Color blindness can have a significant impact on a person’s life if not diagnosed early. In children, color perception issues can affect reading development and other learning abilities. Inherited color blindness is often difficult to diagnose in children. They may have no idea that they do not see colors correctly, and they may be able to identify the colors of familiar objects correctly simply through what they have learned.
Although there are a number of tests available to identify color vision defects, the most common is called the Ishihara or pseudoisochromatic plate test. The test was developed by Dr. Shinobu Ishihara in 1917. This test assesses for red/green color blindness, which is the most common form of color vision deficiency. During the test, the patient is asked to look at a series of circles comprised of colored dots and to identify the pattern, usually a number or letter, that is contained in the image. Individuals who are unable to make out the images are diagnosed with color blindness. Pediatric versions of the test that use simple objects and pictures are available for children who are not old enough to identify letters or numbers. In another test, the individual is asked to arrange a series of colored chips according to how similar they are in color. A person with a color vision deficit will be unable to arrange the chips in the correct order.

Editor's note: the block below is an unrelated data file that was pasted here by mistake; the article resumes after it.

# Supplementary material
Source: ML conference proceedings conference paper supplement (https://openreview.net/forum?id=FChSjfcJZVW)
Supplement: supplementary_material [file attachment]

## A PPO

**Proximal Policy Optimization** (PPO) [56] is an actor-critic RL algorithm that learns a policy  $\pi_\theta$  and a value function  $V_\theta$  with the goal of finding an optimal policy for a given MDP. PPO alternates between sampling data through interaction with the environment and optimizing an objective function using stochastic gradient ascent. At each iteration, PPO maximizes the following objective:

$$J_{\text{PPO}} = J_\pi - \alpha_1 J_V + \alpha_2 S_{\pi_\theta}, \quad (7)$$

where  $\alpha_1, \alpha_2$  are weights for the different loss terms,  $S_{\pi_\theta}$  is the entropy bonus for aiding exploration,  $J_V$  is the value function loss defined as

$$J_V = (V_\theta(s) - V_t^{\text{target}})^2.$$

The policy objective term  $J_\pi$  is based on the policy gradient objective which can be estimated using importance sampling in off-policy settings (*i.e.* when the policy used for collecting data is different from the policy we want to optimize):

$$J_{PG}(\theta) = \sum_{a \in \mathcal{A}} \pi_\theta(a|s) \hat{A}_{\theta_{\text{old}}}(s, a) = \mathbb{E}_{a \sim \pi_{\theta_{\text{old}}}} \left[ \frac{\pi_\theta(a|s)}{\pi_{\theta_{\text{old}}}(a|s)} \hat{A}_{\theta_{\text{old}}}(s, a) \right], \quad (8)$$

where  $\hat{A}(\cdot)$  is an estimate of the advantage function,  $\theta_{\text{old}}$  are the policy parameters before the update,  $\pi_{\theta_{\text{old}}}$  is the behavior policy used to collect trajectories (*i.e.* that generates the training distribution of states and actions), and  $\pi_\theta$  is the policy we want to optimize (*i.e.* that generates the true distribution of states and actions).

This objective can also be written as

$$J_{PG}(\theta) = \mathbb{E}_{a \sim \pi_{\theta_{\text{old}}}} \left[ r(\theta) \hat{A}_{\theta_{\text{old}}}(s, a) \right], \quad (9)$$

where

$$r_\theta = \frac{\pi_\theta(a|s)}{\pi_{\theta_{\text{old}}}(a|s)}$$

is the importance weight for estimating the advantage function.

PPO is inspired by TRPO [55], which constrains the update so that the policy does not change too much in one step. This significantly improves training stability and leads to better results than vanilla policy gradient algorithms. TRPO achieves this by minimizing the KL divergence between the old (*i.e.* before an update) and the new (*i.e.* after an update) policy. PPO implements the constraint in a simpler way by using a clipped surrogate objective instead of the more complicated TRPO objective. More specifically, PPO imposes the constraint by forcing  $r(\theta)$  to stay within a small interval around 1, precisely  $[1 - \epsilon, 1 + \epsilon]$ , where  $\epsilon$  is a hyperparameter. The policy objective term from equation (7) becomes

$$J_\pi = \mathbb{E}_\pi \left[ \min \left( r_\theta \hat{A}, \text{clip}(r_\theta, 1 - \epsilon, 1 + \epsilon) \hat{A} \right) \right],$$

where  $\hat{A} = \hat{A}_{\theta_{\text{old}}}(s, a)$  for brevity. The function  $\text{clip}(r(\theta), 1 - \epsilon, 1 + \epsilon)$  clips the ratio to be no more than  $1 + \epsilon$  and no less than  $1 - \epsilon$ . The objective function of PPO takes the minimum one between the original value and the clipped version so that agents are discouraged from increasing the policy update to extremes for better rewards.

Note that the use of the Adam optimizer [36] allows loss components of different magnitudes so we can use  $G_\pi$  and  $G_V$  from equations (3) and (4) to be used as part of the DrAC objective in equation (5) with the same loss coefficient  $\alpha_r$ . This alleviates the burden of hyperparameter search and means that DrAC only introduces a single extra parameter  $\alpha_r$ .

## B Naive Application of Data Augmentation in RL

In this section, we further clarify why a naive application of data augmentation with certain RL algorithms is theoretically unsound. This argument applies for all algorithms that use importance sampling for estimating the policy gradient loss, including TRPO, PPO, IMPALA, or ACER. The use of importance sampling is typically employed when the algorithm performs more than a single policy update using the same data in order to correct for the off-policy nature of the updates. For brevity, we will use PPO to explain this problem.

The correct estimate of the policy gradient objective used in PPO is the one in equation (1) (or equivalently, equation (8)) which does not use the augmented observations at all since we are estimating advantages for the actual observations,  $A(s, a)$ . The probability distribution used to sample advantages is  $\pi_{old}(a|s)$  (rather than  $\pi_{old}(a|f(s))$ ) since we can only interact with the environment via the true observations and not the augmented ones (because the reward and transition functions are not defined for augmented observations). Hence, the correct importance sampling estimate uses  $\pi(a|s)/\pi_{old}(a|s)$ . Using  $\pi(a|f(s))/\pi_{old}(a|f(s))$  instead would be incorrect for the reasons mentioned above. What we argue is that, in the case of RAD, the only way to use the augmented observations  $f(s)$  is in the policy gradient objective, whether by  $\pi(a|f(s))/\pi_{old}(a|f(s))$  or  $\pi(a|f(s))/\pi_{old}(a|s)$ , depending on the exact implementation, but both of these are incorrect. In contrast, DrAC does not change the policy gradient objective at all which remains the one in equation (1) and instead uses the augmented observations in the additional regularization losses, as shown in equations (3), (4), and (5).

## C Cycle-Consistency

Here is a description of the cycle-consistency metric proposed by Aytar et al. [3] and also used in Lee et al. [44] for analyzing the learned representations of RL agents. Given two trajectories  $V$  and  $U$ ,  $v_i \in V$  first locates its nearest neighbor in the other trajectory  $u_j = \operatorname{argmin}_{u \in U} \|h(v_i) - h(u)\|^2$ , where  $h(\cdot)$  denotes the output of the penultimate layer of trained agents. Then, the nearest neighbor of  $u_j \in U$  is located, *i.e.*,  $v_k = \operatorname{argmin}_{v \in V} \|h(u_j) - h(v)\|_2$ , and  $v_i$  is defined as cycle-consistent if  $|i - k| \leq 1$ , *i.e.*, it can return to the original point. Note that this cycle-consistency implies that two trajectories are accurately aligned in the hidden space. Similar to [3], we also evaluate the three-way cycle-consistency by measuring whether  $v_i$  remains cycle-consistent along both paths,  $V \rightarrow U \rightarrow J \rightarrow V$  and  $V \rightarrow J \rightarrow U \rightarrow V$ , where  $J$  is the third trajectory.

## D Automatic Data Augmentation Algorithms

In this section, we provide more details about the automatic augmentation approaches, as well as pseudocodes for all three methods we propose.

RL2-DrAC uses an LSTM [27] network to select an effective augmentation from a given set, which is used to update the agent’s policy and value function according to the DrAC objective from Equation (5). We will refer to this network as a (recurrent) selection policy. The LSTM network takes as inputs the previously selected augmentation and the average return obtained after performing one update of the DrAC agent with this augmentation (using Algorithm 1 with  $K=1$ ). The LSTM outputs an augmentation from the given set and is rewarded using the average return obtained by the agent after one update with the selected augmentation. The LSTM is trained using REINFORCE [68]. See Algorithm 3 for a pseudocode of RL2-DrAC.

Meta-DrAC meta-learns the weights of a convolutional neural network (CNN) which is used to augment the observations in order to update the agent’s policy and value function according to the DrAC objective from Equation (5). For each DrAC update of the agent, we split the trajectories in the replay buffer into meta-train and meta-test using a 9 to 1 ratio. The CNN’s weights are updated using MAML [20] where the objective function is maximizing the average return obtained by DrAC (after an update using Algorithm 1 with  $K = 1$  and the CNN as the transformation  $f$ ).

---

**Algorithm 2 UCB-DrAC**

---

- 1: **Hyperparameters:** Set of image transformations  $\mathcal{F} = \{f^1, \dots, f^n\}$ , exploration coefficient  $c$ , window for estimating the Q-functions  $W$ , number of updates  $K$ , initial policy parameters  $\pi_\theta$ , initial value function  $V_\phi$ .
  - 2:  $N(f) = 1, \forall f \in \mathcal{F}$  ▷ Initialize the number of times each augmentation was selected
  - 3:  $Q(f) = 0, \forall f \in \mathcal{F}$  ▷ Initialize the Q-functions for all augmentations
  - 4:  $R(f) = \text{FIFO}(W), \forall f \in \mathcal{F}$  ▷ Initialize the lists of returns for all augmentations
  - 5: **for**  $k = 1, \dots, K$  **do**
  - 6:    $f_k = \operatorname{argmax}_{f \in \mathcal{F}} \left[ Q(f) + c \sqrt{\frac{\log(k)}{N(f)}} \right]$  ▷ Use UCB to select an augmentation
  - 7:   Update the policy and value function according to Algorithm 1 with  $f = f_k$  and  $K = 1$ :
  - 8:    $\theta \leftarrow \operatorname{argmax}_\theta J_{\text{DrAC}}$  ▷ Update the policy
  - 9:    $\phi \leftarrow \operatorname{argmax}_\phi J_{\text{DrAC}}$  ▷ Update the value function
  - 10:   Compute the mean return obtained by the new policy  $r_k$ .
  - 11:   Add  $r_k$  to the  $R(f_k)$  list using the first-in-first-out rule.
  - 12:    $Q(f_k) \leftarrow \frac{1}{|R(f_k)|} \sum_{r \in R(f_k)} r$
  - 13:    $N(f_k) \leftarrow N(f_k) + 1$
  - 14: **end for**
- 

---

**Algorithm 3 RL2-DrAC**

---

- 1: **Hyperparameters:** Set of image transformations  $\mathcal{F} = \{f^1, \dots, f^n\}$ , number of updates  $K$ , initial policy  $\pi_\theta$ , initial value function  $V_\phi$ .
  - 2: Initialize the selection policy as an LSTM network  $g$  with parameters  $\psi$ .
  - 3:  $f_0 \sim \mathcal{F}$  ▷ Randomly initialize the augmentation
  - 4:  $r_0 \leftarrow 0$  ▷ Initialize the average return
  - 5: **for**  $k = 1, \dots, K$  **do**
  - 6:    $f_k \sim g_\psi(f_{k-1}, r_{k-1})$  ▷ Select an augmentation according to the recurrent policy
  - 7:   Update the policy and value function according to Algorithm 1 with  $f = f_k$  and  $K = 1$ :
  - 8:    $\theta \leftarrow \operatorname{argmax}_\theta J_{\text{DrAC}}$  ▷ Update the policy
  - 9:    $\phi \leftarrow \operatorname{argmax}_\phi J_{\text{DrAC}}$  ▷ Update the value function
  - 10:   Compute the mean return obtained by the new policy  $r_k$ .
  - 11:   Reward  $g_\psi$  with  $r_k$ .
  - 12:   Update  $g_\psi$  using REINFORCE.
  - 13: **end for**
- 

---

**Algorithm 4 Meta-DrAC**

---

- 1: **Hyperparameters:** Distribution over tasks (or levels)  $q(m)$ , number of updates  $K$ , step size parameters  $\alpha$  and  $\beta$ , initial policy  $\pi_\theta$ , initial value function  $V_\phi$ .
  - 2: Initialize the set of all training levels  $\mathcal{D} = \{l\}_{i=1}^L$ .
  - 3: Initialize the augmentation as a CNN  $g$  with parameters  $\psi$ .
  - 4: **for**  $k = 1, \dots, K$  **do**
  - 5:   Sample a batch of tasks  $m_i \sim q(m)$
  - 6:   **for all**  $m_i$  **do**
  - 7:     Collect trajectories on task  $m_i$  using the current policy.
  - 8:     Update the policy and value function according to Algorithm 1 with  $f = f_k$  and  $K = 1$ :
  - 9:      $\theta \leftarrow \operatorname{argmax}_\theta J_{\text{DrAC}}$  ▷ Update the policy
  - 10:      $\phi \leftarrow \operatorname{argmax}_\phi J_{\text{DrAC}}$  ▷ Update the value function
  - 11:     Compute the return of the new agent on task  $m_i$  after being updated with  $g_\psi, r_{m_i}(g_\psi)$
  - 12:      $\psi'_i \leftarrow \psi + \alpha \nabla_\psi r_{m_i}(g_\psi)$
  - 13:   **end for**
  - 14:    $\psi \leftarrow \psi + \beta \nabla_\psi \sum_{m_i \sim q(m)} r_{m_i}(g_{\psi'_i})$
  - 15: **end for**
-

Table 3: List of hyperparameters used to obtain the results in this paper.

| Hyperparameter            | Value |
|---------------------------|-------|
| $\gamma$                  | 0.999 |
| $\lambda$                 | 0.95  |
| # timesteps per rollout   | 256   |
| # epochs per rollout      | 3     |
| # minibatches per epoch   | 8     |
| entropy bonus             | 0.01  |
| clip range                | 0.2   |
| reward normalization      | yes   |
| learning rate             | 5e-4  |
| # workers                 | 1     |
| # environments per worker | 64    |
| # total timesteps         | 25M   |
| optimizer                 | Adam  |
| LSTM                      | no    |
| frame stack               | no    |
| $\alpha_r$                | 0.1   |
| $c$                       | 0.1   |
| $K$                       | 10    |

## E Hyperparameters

Color blindness may be a disqualifying medical condition for certain occupations that require the ability to differentiate between colors for safety reasons. For example, railway engineers need to be able to correctly distinguish between various signal lights. A lantern test is often used in vocational settings to determine the severity of the color vision deficit. The lantern has two red lights, two green lights, and a white light. The patient is asked to name the colors as the lights are shown in pairs.
The most accurate way to diagnose and determine the severity of color blindness is with an anomaloscope. This instrument was developed in the 20th century and is based on the color matching test developed by John William Strutt Rayleigh. The anomaloscope requires the individual to match two different light sources to the same color. The test is able to distinguish between different types of red/green color blindness. Some anomaloscopes are also able to test for blue/green color blindness.
Color vision tests should be a part of any complete eye examination. Experts recommend that children get at least one eye exam before starting school. Diagnosing color vision deficits early allows the child, with the help of parents and teachers, to develop coping mechanisms so that the learning process is not negatively affected.